I began to learn Bellydance long after Shakira showed up with hips that don't lie. Seven of my lower vertebrae are fused together surgically, so suffice it to say that I'm the least likely student of Bellydance.
For a long time, I feared the future held maladies like arthritis and herniations as I aged. It's difficult to find anyone in my generation without a back complaint.
Then one sunny day a trained dancer from Russia appeared as an instructor at my athletic club and began to teach how to truly build abs and core through Bellydance. The instruction helped me release some of the anxiety of my entire spine permanently freezing. It turned out that there was sufficient movement there after all.
Not all Bellydance songs are Middle Eastern. The beats show up across a broad range of music. The teacher pulled out eclectic songs for the instruction.
Here is the first one she played:
Single, single, double. Single, single, double. It's a basic Bellydance rhythm. The song is a long four minutes, and the abs start to ache quickly if the gut is held in, which it should be. Aching is good. Building strength began to quell my nervousness.
After many, many weeks, I was ready for triples and shimmies.
Hips: 1,2,3. 1,2,3. 1,2,3. Then arms extend overhead, hands clasped together, the hips are held still, which requires effort, and instead of the hips back and forth, the whole ribcage moves 1,2,3. 1,2,3. Over and over. And over.
When the lyrics start in the above song, "Give it to me, Give it to me"...that's the cue for shimmies. I learned to plant my feet and vibrate the whole torso, not just my hips.
Believe it or not, the shimmy movement comes from the knees.
Here's the ultimate shimmies song:
Shimmies are difficult and frustrating to keep up for long, but I'm proof that it is possible after practice. And I'm usually relieved when the song ends.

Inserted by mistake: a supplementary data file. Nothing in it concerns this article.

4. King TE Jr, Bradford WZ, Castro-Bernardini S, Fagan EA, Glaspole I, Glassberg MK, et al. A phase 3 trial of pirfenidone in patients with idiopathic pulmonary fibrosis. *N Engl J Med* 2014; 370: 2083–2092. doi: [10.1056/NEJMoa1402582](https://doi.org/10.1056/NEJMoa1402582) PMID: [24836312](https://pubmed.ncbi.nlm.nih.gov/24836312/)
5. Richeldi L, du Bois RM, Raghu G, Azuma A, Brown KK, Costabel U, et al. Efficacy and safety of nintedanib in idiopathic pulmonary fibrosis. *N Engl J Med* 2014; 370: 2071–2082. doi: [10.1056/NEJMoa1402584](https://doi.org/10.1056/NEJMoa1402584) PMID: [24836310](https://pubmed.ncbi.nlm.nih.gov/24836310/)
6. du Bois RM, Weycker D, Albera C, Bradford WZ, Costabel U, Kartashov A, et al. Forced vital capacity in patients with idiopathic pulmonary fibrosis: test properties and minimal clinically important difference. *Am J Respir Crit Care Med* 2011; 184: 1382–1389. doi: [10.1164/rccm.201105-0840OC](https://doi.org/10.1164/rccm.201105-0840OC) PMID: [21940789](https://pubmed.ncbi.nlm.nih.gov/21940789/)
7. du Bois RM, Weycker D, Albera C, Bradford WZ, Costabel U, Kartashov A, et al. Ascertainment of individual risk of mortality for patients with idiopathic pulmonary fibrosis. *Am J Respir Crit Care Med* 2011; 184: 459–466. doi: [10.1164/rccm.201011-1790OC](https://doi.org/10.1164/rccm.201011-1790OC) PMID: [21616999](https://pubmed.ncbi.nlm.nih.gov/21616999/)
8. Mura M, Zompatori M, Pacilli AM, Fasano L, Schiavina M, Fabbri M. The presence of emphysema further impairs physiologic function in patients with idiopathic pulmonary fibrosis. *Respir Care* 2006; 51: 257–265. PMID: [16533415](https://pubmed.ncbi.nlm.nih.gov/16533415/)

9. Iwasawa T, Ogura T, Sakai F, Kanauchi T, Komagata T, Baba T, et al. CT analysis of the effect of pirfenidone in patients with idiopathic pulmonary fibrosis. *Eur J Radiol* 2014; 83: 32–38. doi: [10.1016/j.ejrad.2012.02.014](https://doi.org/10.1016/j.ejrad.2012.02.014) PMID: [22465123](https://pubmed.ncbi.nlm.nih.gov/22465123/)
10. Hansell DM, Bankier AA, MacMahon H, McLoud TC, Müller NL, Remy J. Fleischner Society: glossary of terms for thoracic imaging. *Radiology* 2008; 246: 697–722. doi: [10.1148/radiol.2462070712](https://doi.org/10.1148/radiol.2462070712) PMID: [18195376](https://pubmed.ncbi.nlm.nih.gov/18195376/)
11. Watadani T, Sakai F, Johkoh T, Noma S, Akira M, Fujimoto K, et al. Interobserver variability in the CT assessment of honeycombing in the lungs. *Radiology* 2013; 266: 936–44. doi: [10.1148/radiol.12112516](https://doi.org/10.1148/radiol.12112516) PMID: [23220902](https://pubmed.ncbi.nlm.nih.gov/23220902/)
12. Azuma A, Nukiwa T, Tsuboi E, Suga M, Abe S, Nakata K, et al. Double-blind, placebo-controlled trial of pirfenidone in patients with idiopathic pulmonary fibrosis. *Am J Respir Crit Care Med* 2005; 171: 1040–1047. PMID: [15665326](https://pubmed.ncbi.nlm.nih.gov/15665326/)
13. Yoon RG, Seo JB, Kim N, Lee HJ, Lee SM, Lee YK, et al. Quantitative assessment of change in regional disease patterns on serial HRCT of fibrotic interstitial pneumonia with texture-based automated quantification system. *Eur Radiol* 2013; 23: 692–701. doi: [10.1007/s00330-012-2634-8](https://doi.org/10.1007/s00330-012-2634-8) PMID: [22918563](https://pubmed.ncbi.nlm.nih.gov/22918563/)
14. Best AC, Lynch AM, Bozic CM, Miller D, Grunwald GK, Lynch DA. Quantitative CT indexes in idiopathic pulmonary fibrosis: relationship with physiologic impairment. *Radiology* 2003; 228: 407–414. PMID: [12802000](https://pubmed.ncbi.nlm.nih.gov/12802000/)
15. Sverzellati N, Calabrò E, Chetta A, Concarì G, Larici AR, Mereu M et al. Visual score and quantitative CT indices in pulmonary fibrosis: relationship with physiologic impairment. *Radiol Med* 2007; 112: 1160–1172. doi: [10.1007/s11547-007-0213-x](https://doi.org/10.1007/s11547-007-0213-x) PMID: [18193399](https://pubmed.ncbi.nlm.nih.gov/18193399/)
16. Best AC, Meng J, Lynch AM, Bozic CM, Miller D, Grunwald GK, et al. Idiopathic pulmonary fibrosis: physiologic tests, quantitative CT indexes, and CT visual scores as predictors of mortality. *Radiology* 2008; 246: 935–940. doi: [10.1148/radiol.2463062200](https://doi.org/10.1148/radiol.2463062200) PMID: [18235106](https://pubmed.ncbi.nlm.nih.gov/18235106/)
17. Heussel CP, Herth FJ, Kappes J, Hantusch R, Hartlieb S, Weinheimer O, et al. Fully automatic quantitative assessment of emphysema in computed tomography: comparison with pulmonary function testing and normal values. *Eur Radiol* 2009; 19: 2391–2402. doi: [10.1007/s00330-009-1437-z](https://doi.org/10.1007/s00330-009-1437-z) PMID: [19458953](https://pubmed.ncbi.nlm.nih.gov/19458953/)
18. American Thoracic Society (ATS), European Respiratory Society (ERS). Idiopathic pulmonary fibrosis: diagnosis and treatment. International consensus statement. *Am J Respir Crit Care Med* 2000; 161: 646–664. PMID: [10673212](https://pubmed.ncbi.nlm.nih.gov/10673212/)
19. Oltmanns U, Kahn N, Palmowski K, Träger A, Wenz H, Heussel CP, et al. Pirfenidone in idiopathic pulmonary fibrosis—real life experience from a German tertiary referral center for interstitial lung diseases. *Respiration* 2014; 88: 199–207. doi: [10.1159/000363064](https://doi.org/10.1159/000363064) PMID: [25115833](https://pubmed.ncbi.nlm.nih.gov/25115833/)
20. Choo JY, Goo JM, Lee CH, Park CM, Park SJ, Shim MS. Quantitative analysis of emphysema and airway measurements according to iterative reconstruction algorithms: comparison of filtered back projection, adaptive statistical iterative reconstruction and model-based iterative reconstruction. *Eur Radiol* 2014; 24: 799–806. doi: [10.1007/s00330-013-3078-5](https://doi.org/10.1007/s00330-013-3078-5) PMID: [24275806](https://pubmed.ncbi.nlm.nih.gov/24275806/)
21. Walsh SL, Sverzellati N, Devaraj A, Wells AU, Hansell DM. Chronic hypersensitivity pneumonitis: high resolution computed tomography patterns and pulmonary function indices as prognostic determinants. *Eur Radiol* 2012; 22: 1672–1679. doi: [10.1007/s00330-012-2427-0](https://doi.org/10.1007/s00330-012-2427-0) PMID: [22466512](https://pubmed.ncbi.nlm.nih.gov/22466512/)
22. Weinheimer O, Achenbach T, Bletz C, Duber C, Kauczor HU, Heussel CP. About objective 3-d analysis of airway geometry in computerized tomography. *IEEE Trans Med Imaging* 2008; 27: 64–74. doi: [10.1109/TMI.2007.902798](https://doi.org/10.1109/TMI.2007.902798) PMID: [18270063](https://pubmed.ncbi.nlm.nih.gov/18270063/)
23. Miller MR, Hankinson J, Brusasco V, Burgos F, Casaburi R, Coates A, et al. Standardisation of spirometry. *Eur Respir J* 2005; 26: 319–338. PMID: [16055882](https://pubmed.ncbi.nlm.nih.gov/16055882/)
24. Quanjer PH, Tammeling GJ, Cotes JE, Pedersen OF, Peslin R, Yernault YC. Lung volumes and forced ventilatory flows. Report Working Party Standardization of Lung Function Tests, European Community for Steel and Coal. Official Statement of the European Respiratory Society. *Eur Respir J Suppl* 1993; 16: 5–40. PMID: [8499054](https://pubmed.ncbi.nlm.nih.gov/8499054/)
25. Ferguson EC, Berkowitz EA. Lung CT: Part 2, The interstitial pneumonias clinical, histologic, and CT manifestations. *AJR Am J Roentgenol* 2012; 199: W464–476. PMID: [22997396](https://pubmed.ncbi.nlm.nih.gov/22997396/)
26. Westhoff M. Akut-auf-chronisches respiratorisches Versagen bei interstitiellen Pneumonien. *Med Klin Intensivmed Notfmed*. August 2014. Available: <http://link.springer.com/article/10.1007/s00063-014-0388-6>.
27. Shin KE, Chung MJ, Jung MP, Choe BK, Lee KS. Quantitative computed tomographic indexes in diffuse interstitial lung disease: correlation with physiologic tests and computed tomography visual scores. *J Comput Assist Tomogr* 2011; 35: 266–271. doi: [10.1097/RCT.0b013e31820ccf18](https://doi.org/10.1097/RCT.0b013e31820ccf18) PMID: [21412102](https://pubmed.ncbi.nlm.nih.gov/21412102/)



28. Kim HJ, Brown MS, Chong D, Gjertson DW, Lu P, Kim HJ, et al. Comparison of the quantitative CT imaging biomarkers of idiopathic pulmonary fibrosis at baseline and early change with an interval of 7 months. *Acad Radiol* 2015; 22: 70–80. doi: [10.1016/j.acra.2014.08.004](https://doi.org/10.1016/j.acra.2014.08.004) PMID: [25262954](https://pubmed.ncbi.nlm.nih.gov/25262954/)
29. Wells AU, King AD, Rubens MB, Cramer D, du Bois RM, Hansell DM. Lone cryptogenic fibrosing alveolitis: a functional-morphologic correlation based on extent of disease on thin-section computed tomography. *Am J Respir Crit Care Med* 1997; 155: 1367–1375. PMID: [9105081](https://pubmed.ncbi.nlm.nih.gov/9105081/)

Here's the classic teaching song, Tamally Maak. It's sung by an Egyptian heartthrob, Amr Diab. Ask any person identifying as female from that part of the world, and they'll know of this guy. I've seen women who understand Arabic in class actually tear up when he sings this.
Single, single, double. Single, single, double. Single, single, double. Hips. Then ribcage. Single, single, double. Then both hips and ribcage together: single, single, double.
Dancers call those repetitions Isolations. I began to gain confidence by feeling into the movements, and I allowed myself to feel scraps of joy here and there. Despite a stiff spine, my abs and ribs could follow along. Who could have guessed?
I learned eventually how the hips can move into a figure 8 movement, keeping the knees facing forward. My vertebrae can actually do this? Well, kind of. Enough to fake it anyway.
Here's a song with a rhythm perfect for Figure 8s with enough music to pause for closing the horizontal and imaginary "8" with one hip extended outwards as far as possible for the sweep back to start:
I'm no spring chicken. This is what was playing on the television when I was growing up and was my first intro to Bellydance! Fast forward about five decades, and I did learn how to dance a bit like the fantastical cartoon Jeannie from the bottle Major Nelson found in the South Pacific.
Dance can be relaxing when all is said and done. Yes, it takes consistent effort, but the satisfaction of mastery is the carrot that keeps me coming back.
Music, and more specifically freedom of dance to music, placated my anxieties about my spine and allowed me to face the future with more confidence and hope. And joy.
The human body is indeed, amazing. If we allow it to be.